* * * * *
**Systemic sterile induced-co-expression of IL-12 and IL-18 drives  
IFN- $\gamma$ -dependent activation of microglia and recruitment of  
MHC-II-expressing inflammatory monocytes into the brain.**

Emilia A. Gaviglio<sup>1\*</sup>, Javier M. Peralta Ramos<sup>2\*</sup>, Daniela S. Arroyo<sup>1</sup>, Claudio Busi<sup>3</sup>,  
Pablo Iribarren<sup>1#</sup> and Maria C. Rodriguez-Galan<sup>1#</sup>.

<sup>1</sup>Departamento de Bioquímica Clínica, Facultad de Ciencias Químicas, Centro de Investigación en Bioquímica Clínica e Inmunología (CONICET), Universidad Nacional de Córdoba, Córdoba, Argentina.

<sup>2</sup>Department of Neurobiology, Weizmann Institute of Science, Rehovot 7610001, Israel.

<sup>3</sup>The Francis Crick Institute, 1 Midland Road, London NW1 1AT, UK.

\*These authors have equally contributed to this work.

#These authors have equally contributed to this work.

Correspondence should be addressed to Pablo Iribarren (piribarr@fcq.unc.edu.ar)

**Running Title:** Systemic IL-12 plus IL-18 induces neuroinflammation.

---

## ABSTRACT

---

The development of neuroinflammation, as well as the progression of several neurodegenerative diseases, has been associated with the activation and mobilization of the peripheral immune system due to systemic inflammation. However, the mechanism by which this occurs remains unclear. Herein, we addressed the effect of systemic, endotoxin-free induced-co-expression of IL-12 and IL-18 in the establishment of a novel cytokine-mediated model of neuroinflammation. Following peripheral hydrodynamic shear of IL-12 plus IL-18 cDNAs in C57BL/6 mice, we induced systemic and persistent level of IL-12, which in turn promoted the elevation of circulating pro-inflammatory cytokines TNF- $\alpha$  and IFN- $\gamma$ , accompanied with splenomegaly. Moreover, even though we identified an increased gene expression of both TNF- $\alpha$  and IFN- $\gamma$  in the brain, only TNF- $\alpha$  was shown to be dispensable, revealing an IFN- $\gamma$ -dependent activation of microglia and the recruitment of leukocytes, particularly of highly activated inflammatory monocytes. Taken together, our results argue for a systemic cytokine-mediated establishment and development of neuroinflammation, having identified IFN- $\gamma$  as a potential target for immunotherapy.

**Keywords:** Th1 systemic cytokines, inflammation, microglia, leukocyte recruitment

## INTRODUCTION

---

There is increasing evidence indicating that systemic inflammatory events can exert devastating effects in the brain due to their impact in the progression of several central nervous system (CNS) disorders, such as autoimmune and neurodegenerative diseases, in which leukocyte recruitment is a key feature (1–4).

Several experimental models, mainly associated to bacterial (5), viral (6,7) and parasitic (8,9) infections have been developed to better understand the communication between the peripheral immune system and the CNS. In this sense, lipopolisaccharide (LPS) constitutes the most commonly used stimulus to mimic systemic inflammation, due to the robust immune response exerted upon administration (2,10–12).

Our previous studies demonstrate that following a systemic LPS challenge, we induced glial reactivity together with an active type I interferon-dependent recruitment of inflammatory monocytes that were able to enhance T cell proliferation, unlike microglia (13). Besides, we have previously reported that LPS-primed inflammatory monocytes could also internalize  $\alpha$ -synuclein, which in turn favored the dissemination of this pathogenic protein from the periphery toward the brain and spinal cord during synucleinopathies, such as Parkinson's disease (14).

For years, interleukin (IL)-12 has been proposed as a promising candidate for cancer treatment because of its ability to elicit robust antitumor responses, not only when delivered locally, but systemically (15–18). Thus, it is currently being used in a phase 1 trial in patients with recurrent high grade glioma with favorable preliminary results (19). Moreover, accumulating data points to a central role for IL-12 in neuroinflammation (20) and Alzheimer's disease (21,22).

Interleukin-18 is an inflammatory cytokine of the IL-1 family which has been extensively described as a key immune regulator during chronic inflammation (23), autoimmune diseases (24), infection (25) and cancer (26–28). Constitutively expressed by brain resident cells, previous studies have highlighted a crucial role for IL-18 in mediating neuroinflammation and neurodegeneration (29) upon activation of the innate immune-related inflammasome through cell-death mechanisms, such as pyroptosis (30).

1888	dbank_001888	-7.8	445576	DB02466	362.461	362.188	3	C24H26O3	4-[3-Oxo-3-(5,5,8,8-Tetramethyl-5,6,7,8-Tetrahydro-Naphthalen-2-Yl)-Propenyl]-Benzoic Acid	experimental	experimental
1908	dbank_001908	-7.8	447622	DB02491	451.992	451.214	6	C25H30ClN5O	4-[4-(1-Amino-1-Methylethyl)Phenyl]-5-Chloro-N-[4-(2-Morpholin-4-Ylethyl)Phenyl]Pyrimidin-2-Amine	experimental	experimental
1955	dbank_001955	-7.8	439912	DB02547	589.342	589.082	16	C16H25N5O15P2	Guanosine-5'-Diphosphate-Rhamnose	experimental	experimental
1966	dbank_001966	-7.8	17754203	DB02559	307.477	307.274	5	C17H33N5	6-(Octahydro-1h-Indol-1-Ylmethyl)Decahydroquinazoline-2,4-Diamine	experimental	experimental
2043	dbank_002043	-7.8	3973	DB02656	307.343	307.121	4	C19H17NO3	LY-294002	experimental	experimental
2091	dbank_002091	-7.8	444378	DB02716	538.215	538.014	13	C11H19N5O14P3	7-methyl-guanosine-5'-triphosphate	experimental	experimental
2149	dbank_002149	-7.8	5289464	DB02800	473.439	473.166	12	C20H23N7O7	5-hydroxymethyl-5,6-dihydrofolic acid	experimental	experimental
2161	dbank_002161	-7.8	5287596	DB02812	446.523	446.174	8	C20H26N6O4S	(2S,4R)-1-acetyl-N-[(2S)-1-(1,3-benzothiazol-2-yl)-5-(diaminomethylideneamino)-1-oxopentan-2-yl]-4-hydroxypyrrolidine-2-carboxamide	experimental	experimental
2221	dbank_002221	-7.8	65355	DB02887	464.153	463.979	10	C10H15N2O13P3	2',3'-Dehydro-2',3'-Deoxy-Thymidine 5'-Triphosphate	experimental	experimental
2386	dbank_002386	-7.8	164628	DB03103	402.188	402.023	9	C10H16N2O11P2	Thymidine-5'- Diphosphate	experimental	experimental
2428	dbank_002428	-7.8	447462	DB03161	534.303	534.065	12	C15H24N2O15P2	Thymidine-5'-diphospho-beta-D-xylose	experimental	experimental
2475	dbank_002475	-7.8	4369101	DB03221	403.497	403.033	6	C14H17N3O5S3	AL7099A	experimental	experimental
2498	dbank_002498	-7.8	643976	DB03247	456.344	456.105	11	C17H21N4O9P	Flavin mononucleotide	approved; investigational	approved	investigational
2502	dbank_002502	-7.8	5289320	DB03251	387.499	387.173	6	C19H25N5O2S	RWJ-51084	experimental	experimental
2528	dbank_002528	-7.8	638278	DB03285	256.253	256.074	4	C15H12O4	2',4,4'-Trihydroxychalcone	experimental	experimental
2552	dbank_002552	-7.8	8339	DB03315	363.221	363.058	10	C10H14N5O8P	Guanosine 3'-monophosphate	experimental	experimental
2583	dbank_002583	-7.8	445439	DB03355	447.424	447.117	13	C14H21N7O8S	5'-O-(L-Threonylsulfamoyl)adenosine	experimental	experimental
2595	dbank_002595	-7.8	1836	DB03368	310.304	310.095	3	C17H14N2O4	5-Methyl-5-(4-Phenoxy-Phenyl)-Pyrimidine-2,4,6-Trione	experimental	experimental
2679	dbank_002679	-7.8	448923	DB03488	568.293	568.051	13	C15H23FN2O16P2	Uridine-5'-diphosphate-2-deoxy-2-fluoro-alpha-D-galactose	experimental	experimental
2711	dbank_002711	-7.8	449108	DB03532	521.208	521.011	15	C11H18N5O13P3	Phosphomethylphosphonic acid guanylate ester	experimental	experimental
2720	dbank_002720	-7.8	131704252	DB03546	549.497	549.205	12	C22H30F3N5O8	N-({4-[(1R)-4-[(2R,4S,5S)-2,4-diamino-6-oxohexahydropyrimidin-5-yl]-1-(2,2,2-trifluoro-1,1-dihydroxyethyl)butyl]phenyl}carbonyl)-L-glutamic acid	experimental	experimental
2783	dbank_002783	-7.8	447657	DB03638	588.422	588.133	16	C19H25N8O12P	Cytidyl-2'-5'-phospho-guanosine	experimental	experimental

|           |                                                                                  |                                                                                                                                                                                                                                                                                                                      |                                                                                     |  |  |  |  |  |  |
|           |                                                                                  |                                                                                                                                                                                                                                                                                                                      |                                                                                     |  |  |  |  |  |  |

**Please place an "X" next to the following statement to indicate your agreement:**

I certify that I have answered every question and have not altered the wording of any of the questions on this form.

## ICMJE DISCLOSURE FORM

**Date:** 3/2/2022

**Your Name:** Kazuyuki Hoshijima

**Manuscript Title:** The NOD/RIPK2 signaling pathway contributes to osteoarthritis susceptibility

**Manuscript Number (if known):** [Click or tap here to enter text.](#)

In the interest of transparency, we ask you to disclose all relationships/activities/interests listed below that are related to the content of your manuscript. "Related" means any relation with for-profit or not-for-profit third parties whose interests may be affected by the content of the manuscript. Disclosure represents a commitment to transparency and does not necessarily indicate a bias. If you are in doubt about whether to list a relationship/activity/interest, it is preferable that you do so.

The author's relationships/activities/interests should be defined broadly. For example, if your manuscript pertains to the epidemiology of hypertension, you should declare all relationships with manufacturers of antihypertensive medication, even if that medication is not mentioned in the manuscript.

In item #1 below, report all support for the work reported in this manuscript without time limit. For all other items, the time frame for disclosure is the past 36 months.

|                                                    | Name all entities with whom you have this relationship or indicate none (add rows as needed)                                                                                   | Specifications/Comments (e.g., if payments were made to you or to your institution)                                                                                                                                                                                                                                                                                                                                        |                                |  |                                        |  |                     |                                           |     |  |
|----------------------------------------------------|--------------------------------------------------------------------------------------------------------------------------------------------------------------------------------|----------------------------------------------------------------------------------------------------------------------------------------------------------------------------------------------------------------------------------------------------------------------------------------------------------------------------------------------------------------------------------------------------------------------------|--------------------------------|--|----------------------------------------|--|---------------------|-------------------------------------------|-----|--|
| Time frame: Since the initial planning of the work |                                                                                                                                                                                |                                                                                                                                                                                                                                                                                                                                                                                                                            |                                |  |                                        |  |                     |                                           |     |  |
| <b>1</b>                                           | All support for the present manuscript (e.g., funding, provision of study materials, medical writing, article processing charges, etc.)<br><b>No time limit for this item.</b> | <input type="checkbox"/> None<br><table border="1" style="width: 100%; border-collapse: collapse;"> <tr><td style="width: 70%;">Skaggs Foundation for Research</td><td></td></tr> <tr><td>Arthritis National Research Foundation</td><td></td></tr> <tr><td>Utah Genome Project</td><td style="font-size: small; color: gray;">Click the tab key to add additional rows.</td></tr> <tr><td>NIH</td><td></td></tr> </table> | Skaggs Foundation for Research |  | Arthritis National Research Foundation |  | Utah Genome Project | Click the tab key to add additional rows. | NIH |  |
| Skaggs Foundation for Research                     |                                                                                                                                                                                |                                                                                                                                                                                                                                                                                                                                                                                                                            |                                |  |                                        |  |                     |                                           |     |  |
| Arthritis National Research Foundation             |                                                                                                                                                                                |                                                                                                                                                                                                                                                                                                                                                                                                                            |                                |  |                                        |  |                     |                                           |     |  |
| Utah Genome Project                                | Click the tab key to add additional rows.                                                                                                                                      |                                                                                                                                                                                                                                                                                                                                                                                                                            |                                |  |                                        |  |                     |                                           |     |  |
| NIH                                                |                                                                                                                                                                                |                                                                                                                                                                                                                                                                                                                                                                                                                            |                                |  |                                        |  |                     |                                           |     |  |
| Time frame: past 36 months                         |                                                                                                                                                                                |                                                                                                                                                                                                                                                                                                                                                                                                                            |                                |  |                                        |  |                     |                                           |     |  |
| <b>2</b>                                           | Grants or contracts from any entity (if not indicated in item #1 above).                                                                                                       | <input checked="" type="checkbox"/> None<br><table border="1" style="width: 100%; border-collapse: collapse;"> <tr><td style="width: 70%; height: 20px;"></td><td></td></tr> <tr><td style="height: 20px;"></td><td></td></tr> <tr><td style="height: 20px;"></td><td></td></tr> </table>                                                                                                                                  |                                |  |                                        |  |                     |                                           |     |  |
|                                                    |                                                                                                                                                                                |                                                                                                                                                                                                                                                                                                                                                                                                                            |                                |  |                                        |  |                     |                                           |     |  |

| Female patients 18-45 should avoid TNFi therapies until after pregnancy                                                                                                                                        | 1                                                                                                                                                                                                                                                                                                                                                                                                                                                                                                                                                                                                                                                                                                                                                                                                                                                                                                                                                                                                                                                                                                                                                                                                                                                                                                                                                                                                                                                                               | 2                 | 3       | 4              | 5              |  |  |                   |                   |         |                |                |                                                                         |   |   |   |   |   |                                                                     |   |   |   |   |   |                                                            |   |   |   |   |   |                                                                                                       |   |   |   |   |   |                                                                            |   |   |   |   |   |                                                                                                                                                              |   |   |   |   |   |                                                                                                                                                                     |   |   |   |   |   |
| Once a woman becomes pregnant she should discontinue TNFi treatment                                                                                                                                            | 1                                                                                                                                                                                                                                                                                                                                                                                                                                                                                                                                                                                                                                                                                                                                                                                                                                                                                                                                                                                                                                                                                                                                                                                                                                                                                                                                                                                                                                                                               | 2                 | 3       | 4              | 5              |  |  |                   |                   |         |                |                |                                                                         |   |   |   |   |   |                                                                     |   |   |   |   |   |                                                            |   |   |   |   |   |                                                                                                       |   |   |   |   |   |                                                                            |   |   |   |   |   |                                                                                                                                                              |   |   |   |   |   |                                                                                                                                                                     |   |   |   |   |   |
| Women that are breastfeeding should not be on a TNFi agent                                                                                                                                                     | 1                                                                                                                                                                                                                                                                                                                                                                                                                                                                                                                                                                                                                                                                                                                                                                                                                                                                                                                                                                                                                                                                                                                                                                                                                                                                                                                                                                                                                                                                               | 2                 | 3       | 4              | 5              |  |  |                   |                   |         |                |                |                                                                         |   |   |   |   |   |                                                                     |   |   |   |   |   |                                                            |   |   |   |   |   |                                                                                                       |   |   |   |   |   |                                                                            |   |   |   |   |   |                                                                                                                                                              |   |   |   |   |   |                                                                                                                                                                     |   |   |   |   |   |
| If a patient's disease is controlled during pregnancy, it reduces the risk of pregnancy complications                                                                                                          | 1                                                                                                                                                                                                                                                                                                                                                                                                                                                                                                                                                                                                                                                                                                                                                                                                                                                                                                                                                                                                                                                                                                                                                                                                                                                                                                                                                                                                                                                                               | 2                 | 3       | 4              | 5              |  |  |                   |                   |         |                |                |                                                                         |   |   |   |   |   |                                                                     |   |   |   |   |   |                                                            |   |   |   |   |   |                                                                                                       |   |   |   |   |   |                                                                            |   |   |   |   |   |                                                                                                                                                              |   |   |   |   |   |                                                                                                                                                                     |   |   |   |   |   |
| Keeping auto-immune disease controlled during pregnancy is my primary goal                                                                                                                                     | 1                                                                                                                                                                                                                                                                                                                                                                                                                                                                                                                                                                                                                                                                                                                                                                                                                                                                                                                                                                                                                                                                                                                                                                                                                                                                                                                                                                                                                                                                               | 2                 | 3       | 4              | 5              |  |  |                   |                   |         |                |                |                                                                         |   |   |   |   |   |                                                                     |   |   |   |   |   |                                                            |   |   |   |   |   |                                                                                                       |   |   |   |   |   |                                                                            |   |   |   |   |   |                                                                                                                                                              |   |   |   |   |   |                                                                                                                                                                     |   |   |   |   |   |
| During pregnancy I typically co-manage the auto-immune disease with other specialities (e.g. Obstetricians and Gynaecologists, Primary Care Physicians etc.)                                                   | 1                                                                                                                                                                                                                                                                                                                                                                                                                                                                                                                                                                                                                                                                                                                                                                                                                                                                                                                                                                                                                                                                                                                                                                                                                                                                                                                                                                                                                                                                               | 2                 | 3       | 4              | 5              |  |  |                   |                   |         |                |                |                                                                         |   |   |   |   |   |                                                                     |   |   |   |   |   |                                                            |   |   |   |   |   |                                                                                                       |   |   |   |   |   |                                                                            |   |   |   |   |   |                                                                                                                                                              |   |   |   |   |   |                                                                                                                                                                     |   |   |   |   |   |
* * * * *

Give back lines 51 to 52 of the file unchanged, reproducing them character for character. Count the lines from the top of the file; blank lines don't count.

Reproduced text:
## ICMJE DISCLOSURE FORM

**Date:** 3/2/2022